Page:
HA NOI — A touching television programme last night raised people’s awareness of the role and strategic position of Viet Nam’s sea and islands as well as praised people’s pride and love of the nation’s sovereignty over the Truong Sa (Spratly) and Hoang Sa (Paracell) archipelagos.
The bridge linked Bien Dong Park in Da Nang and Ly Son Island District, and was broadcast live on VTV1 and Youtube, and then re-broadcast on VTV4, VTV6 and VTV Da Nang.
The show gathered various artists from the National Symphony Orchestra, Japanese director Honna Tetsuji, Sol Art children’s choir, violinist Bui Cong Duy, and noted singers Uyen Linh, Pham Thu Ha and Dinh Huong.
Beside live reports from the area near China’s illegal Haiyang 981 oil rig – which is operating illegally on Viet Nam’s special economic zone and continental shelf – the show also included interviews with fishermen who spend days at sea trying to make a living.
“Our life has always been connected to the sea. We learned how to fish from our ancestors, and will hand the career job down to the next generations,” said Duong Quynh, whose family has lived and fished off Ly Son Island for 20 generations.
Elderly Nguyen Thi Duong cried as her son returned home following a fishing trip that he set off for in early May. Many Vietnamese fishermen have been beaten and robbed by Chinese people, and she is more concerned about his safe concern rather than a good catch.
The show also looked at various historical evidence proving Viet Nam’s sovereigty over the Hoang Sa and Truong Sa islands displayed at Da Nang Museum including a Sovereigty Mark set by King Gia Long in 1816 to confirm the Nguyen dynasty’s reign over the Hoang Sa Islands, a Chinese atlas published in 1933 showing that China’s southernmost territory ends at Hainan Island and various photos featuring Vietnamese people living on the Hoang Sa Islands.
Tran Quan Bao, who at five years old accompanied his father to Hoang Sa where he was appointed as chief of the Hoang Sa Wireless Telegraphy Station in 1938, recalled that when his family arrived at the islands, they were received by many people.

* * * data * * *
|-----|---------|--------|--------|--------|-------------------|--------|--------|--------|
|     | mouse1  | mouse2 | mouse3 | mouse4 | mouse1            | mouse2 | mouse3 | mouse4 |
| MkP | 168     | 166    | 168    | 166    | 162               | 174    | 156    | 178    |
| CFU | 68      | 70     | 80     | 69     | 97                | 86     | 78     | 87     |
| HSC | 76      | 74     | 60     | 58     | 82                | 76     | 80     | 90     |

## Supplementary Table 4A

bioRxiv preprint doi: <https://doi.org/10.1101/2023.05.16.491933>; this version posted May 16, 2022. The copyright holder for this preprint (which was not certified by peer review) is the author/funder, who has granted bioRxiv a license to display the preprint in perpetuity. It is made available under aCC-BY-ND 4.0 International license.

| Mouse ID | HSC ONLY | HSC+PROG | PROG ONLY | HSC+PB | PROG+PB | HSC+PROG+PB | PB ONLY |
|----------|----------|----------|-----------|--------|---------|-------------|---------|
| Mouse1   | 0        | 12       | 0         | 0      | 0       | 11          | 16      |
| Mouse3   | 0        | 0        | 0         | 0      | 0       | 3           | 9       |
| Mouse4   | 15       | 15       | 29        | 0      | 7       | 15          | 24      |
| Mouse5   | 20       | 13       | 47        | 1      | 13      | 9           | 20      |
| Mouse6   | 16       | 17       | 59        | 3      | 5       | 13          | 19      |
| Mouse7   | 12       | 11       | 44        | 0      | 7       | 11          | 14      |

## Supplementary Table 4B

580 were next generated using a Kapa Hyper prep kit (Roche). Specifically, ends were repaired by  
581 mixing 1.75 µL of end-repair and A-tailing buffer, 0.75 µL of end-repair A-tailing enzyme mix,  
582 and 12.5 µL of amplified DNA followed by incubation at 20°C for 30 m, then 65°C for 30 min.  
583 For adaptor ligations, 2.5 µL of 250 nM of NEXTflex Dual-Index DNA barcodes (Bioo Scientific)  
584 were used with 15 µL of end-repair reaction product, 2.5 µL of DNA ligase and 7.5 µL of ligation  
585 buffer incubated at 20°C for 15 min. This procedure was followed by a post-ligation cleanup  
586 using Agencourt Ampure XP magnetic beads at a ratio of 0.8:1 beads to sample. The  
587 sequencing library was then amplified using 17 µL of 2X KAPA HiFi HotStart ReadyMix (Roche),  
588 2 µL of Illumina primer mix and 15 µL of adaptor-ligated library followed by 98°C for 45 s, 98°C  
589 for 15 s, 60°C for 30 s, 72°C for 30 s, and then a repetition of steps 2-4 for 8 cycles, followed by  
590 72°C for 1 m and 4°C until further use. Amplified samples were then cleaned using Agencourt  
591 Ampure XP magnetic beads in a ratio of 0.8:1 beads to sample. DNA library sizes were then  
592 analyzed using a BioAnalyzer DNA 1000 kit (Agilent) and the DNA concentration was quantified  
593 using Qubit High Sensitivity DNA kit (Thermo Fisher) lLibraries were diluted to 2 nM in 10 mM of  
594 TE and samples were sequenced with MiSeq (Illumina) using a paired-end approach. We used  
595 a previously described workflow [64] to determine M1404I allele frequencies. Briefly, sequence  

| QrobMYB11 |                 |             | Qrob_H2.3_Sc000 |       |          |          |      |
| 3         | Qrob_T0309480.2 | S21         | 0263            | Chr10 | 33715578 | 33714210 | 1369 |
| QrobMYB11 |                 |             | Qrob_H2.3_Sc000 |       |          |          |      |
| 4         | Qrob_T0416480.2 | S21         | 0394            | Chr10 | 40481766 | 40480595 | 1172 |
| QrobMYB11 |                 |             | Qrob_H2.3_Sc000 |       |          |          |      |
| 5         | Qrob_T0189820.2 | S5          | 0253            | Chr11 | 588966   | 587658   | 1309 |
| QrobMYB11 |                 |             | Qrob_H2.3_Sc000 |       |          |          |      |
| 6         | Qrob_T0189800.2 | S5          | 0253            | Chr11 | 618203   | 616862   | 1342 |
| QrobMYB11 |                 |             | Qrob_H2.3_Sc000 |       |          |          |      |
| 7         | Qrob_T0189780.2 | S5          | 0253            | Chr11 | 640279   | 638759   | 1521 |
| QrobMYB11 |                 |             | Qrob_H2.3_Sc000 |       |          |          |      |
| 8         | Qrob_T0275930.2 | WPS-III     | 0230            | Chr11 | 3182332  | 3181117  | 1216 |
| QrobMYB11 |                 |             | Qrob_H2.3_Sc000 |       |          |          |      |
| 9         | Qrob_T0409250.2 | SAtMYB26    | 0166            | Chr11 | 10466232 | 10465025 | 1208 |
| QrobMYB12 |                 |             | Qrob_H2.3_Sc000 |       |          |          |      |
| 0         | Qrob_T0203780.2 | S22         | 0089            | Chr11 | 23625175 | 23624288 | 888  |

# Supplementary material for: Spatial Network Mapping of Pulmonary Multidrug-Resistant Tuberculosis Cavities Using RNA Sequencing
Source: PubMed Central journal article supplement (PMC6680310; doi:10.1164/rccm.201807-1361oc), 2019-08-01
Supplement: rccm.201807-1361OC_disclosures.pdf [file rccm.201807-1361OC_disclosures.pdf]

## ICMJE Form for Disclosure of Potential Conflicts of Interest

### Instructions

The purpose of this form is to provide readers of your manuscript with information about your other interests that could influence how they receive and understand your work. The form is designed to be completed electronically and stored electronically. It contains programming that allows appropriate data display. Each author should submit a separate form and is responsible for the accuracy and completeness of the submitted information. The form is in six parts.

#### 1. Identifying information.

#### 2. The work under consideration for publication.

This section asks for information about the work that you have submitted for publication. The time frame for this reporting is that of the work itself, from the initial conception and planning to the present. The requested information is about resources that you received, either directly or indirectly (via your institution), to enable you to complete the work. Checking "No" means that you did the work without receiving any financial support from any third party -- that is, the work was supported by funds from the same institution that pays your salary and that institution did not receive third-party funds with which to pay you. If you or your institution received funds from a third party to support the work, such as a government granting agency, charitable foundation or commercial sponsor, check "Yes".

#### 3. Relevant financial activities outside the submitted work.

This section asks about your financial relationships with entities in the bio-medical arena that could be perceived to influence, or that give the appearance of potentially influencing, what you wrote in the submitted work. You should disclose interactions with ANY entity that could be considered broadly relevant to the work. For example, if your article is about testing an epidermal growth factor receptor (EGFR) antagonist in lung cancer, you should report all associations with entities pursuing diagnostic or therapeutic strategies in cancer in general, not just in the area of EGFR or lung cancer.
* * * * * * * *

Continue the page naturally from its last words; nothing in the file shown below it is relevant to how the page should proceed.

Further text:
“I remember two tall antennas on the island were about 20m high,” he said. “Concrete roads crossed the island and met in the centre. There were around 10 houses and the largest were for French army officers who were in charge of managing the weather station and wireless telegraphy.”
Tran Hoa, who worked on Hoang Sa as a nurse between October and December 1973, was impressed with the beauty of the islands.
“When I was there, there weren’t any strong buildings,” he said.
“I remember losing myself in the colour of the deep blue water surrounding a striking yellow sand island. When I walked into the water, I could see a range of various corals and lots of big fish. Sometimes we caught big squid stuck on the coral when the tide went out in early morning.”
Hoa also recalled a memory of a big storm on the island. His team of 35 people saved and took care of a Chinese fishing family, who took a shelter on the island during the fierce storm.
“We treated them well when we were on the island, but now they have taken our home away from us and attack our boats with water cannons. I cannot believe my eyes,” he said.
The show covered live reports near China’s illegal placement of its Haiyang 981 oil rig and talks with coast guards, fisheries officers and reporters, who patiently cope with water cannon attacks and the danger of being sunk by Chinese ships every day.
Nguyen Hoang Sa, who was born two months after his father was killed on Hoang Sa during a Chinese attack on January 19, 1974, noted that he was proud of his name and his father’s falling.
“My mother named me after the islands to remind me forever of my father’s courage and confirm that Hoang Sa belongs to Viet Nam,” he said. “The future generations will fight to take back those islands.”
The show also featured the handing over of surveillance cameras and fresh-water filters to the Coast Guard and Fisheries Surveillance ships.